After many weeks of reading about, listening to, and frying up a lot of lamb, I could see why these two chefs were so fond of this particular dish. During my final taste test with a (slightly) less spicy version, I admired my little graveyard of toothpicks and WeChatted my mom to see what she thought of the updated spice mix that’s dusted all over glistening pieces of lamb, which I'd asked her and my father to try. “It tastes just like at our favorite restaurant!” she exclaimed. “Your dad loves it.”
- For the Marinated Lamb:
- 4 medium cloves garlic (about 20g), smashed
- 2 scallions (about 40g total), ends trimmed and roughly chopped
- 1 1/2-inch knob (10g) fresh ginger, peeled and thinly sliced crosswise
- 1 tablespoon (15g) neutral oil, such as peanut or vegetable oil
- 2 teaspoons (10g) Shaoxing wine
- 1 teaspoon (4g) kosher salt; for table salt use half as much by volume or the same weight
- 1 teaspoon (5g) granulated sugar
- 1 teaspoon (5g) oyster sauce
- 1 teaspoon (4g) five-spice powder
- 1 teaspoon (4g) whole cumin seed
- 1 1/2 pounds (680g) boneless leg of lamb, cut into 1/2-inch cubes
- For the Spice Mixture:
- 10 whole dried er jing tiao chiles (about 10g total) (see note)
- 1 tablespoon (5g) whole red Sichuan peppercorns
- 1 tablespoon (5g) toasted whole sesame seeds
- 1 tablespoon (12g) whole cumin seeds
- 2 teaspoons (8g) kosher salt; for table salt use half as much by volume or the same weight
- 1/2 teaspoon granulated sugar
- To Cook and Finish:
- 2 quarts (2L) plus 1/4 cup (55g) neutral oil, such as peanut or vegetable oil, divided, plus more for seasoning the wok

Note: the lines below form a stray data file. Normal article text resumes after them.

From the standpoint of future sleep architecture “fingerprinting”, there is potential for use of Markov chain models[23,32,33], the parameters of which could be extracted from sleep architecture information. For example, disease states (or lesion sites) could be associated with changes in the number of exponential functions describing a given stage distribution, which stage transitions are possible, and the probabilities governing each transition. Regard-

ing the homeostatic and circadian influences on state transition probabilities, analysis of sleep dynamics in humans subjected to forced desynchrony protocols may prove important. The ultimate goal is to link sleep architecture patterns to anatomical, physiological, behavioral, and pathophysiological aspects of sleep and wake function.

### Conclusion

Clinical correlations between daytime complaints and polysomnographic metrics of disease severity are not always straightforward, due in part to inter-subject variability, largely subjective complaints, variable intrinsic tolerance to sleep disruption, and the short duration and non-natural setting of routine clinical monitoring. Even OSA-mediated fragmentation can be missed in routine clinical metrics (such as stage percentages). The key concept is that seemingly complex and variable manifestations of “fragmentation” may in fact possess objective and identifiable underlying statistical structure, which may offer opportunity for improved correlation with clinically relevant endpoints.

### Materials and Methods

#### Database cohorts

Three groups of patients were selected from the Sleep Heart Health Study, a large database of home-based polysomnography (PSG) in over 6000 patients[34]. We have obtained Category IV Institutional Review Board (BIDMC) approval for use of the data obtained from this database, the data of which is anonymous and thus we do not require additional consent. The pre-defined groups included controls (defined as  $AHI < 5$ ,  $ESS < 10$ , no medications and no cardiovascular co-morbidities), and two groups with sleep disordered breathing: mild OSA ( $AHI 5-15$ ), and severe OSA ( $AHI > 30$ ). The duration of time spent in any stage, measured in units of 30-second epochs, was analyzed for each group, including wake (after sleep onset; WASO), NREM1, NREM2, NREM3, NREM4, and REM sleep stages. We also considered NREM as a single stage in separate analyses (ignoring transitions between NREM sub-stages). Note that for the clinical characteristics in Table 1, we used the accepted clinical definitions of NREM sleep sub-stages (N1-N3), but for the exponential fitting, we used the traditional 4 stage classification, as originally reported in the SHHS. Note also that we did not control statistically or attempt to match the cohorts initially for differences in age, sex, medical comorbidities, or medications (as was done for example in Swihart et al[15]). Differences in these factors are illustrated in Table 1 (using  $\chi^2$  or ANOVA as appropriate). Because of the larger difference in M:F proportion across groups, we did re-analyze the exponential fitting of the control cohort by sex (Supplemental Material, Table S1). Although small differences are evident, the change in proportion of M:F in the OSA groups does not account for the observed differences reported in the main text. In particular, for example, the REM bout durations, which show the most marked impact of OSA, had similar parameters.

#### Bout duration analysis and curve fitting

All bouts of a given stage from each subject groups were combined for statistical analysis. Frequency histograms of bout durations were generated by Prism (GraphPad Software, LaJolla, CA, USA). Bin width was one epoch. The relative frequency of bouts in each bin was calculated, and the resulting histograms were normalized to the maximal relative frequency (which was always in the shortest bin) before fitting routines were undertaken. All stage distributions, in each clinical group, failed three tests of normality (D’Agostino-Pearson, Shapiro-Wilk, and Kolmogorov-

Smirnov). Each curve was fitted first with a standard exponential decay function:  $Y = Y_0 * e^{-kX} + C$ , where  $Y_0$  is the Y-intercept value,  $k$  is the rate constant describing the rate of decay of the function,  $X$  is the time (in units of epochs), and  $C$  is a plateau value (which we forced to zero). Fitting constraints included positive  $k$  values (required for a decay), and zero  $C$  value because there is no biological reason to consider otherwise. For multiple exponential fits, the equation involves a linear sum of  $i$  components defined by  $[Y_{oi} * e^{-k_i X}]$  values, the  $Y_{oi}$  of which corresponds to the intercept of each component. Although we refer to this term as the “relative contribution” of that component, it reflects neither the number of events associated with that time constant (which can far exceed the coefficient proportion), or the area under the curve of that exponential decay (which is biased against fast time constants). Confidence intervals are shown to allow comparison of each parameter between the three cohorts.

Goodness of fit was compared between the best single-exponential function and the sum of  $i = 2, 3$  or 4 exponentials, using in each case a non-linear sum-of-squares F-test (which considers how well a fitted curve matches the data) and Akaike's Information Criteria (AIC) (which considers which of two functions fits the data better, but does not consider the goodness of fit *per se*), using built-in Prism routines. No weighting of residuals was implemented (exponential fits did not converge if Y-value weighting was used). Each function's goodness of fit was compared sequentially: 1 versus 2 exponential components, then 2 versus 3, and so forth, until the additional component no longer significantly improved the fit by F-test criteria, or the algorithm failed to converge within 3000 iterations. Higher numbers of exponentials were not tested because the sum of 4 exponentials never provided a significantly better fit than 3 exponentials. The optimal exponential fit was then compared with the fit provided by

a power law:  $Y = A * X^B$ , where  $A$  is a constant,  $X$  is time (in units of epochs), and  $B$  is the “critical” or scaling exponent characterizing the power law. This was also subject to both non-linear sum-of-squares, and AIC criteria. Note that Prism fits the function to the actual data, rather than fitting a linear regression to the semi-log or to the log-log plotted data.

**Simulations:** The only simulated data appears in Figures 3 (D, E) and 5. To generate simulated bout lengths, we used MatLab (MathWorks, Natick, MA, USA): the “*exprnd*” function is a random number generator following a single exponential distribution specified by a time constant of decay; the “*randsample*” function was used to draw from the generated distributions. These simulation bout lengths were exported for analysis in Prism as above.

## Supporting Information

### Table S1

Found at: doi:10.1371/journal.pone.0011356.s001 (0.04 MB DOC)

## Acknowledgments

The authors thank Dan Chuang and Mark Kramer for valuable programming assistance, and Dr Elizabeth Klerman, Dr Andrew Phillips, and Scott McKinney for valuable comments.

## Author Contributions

- 8 whole dried er jing tiao chiles (about 6g total), roughly chopped
- 3 medium cloves garlic (1/2 ounce; 15g), smashed
- 1/4 cup (40g) roughly chopped cilantro leaves and tender stems
For the Marinated Lamb: In a large mixing bowl, stir together garlic, scallions, ginger, oil, Shaoxing wine, salt, sugar, oyster sauce, five-spice powder, and cumin seed. Add lamb and toss to coat well. Cover and refrigerate for at least 1 and up to 8 hours.
For the Spice Mixture: In a spice grinder, combine chiles, Sichuan peppercorns, sesame seeds, cumin, salt, and sugar. Grind to a fine powder, then transfer to a small bowl; you should have about 1/3 cup. Set aside.
To Fry and Finish: Skewer each lamb piece onto a wooden toothpick, making sure each piece is fully threaded onto the toothpick, discarding aromatic ingredients as you go (it's fine if a few bits of scallion remain).
Meanwhile, in a large, heavy-bottomed pot or Dutch oven, heat about the 2 quarts oil to 330°F (165°C); it should fill the Dutch oven by about 2 inches. Line a rimmed baking sheet with paper towels. Working in 3 to 4 batches to avoid crowding the pot, deep fry lamb, adjusting heat to maintain a frying temperature of 330°F, until well-browned on the outside, approximately 3 minutes per batch. Using a spider strainer, transfer lamb to prepared baking sheet. Repeat with remaining lamb.
Heat a wok or large cast iron skillet over high heat until lightly smoking. Add 1 or 2 tablespoons oil, carefully swirling to coat inner surface, then remove from heat and carefully wipe out oil with a paper towel. Return wok or skillet to high heat, add remaining 1/4 cup oil, and heat until shimmering. Add chiles and garlic and stir-fry, tossing and stirring constantly, until very fragrant, about 30 seconds.
Add lamb and cilantro and stir-fry until lamb is fully heated through and well combined with the aromatics, 1 to 2 minutes. Remove from heat, sprinkle with about 1 tablespoon of the spice mix, and toss to combine. Repeat, one tablespoon at a time, until well seasoned. The dish should have a slow burn, numbing and sweet, but its intensity can be adjusted to taste. Serve immediately.
Dutch oven or heavy pot, frying thermometer, wok, spice grinder, spider strainer, wooden toothpicks.
Er jing tiao chiles are one of the most commonly used types in Sichuan cooking, prized for their balanced heat and fruity flavor. You can buy them at specialty retailers like Fly By Jing and Mala Market, or at Chinese supermarkets, such as 99 Ranch.
Make-Ahead and Storage
The lamb can be marinated up to 8 hours before frying, but otherwise the dish is best made right away.
The spice mixture can be stored in an airtight container for later use. It is best used within a month.